env =, dur, amp), doneAction:2);
  panner =, pan, env);, panner);

Since she's been working in the field, she's learned that instead of writing "arg" followed by a list or arguments and then a semicolon, she can just put all her arguments between two vertical bars. The two versions are exactly identical.

In the synthdef, one of the SinOscs is modulating the phase of the other SinOsc.

After learning about Arrays, our hero does a bit of research on tuning ratios and comes up with an array of ratios that she will use to test her function. It looks like: [ 1/1, 3/2, 4/3, 9/8, 16/9, 5/4, 8/5 ]

That is 1 divided by 1, 3 divided by 2, four divided by 3, etc. Now remember that precedence means that the interpreter evaluates things in a particular order. It looks at / before it looks at commas. So it seems a bunch of /'s and starts dividing. Then it looks at the commas and treats it as an array. The interpreter stores that array as:

[ 1, 1.5, 1.3333333333333, 1.125, 1.7777777777778, 1.25, 1.6 ]

Nicole's function will contain a task which cycles through the ratios, taking each one and multiplying it by the base frequency and adding the detuning amount. Remember that SuperCollider is like a cheap calculator and +, -, *, and / all have the same precedence. Math is evaluated from left to right. So ratio * baseFreq + detune is not equivalent to detune + ratio * baseFreq, like it would be in algebra. However, fortunately, she can use parenthesis like we would in algebra.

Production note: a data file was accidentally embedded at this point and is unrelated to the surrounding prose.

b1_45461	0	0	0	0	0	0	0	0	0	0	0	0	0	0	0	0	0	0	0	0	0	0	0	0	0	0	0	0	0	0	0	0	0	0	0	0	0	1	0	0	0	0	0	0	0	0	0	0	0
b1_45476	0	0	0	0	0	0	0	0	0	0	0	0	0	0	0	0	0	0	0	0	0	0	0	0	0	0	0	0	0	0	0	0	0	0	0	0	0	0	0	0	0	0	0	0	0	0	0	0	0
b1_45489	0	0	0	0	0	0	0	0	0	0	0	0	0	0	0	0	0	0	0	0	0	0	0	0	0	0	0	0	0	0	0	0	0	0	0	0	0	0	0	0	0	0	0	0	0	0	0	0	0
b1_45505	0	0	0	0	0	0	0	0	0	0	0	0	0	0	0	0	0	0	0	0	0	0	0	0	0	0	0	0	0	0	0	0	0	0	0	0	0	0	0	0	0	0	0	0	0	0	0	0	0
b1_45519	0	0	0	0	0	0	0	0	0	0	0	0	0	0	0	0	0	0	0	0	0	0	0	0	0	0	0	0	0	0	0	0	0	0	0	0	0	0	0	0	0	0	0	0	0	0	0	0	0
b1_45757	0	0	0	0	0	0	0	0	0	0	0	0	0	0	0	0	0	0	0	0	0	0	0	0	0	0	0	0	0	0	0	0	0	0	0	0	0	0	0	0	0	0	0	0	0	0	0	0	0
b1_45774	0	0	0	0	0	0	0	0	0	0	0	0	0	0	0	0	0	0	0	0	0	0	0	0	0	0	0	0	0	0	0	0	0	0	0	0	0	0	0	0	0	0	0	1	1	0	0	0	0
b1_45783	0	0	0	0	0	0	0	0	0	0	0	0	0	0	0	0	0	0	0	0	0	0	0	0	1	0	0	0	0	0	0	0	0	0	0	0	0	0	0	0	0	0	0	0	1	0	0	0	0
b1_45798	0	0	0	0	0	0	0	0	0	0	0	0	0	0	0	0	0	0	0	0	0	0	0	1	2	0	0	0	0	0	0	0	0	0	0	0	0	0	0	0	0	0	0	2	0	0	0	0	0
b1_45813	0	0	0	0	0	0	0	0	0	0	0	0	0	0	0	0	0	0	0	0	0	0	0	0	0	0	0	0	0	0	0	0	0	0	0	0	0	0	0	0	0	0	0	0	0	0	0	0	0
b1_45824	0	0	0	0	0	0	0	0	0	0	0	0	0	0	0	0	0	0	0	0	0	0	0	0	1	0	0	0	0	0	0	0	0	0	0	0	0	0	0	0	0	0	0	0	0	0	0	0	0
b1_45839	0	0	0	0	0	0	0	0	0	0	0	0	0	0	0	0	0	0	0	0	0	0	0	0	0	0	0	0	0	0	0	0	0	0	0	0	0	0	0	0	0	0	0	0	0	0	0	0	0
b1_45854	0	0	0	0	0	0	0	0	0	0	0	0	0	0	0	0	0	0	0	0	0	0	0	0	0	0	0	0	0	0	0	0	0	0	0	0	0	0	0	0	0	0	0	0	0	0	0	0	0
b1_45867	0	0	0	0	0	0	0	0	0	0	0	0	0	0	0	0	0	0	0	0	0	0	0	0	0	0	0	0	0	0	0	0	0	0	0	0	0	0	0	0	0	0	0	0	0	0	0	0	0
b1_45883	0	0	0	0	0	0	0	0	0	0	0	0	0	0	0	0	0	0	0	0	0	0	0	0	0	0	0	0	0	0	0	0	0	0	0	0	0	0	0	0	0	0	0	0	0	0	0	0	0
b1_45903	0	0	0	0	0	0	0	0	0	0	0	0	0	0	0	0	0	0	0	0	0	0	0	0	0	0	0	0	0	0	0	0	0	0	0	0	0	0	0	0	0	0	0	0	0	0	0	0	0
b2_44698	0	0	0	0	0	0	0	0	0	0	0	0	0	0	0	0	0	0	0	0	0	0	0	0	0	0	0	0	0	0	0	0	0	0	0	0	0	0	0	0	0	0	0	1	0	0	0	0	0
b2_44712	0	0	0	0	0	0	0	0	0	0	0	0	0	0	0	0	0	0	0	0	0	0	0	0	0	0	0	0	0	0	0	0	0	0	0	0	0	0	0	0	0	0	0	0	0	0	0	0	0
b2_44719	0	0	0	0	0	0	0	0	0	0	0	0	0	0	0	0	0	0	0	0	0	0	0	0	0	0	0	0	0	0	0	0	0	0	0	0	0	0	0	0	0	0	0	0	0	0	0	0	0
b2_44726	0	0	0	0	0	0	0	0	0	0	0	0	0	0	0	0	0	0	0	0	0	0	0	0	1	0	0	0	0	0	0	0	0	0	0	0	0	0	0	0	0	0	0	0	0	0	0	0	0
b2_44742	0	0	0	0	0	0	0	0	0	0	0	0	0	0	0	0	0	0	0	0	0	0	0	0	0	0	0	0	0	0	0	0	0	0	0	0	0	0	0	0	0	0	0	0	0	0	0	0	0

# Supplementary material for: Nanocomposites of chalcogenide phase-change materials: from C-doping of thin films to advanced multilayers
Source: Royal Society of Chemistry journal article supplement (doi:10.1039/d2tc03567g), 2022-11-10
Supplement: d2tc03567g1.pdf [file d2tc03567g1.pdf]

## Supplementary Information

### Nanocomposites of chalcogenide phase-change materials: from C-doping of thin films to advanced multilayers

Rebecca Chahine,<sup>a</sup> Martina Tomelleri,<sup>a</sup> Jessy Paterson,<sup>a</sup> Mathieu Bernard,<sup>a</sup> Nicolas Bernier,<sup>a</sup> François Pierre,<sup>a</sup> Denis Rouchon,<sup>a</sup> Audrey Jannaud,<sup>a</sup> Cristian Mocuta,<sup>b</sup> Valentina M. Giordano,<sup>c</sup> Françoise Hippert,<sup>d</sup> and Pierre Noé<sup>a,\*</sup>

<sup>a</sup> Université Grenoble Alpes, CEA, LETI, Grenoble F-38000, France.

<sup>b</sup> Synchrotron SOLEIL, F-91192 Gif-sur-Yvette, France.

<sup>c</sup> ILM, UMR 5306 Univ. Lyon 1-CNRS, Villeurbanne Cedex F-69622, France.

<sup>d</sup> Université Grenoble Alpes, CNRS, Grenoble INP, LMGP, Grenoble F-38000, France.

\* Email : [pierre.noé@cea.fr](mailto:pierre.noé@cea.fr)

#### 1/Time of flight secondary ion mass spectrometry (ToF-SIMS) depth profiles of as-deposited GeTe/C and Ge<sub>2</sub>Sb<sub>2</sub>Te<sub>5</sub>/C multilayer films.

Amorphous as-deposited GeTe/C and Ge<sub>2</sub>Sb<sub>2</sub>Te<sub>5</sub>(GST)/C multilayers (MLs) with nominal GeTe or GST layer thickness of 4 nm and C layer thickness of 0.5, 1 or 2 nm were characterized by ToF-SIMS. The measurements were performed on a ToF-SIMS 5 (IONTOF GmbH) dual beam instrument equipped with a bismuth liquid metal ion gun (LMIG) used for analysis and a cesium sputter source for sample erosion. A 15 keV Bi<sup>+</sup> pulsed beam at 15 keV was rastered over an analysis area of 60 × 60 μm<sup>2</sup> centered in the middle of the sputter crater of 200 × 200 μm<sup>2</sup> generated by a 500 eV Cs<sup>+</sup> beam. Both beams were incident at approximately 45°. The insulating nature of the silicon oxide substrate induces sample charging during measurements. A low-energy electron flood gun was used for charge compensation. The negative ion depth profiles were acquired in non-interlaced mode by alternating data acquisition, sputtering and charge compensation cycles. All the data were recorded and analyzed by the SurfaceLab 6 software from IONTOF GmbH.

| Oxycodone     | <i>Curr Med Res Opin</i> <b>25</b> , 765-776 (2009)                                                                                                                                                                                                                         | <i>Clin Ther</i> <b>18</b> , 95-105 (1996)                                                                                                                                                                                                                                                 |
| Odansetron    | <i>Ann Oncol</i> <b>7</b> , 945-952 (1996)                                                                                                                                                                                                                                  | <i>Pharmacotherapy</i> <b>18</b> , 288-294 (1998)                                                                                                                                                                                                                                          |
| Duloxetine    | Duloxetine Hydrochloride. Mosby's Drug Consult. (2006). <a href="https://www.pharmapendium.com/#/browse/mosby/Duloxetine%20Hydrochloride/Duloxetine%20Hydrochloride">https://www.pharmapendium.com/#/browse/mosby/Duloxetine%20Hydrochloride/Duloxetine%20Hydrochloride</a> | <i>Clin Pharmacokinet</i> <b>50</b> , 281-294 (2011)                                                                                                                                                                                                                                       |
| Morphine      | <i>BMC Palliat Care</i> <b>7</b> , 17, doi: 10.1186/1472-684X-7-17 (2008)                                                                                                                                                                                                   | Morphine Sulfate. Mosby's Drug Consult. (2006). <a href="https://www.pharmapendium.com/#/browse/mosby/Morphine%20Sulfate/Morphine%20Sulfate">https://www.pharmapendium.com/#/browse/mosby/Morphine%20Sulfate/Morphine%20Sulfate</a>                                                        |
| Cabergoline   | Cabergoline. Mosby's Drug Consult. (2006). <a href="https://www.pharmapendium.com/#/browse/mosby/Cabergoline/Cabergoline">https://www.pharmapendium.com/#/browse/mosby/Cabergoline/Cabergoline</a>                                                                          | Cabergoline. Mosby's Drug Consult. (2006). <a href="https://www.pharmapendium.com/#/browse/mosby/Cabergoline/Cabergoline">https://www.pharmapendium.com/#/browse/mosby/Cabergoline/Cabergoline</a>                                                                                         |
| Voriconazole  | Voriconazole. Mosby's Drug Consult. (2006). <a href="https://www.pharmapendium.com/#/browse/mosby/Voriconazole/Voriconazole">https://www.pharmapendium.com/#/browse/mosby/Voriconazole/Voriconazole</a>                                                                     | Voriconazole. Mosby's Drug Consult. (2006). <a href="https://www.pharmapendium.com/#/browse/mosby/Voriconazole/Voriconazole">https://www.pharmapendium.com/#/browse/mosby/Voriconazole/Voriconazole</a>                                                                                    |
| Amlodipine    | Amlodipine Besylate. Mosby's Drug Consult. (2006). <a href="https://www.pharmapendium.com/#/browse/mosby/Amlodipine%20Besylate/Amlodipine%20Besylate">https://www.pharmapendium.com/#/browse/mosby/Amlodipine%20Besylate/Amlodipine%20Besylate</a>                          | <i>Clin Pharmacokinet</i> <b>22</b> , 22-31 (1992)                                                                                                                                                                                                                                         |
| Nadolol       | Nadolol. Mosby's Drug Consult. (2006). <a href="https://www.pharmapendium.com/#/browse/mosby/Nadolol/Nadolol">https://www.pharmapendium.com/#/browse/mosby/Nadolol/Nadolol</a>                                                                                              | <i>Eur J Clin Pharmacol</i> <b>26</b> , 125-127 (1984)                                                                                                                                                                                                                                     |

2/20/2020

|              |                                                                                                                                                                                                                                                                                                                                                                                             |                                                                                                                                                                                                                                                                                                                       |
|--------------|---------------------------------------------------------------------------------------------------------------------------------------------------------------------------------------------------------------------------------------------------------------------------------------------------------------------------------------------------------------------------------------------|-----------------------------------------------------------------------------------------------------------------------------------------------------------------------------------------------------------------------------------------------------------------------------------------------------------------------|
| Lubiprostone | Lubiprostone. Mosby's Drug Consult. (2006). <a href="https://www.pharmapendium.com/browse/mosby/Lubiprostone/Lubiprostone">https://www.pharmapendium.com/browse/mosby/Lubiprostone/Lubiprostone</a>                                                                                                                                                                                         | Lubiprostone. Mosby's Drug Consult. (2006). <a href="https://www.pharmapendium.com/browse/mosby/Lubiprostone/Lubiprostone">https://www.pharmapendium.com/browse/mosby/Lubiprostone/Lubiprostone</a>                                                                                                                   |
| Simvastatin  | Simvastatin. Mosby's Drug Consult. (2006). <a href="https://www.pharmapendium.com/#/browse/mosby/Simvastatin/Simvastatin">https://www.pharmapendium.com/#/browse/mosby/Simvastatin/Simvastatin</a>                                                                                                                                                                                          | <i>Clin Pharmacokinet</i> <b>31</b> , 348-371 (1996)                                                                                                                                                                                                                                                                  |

She could write out her expression as (ratio * baseFreq) + detune or (detune + (ratio * baseFreq)) or in many other ways. Even though she could get the right answer without using parenthesis at all, it's good programming practice to use them.

Nicole has a formula and she has an Array. She just needs a way to step through it. Fortunately, she knows that the 'do' method also exists for Arrays.

She writes her code as follows:


  var func, arr;
  func = { |ratio_arr, baseFreq = 440, detune = 10, dur  = 0.2|
   var freq;{ |ratio, index|
    freq =  (ratio * baseFreq) + detune;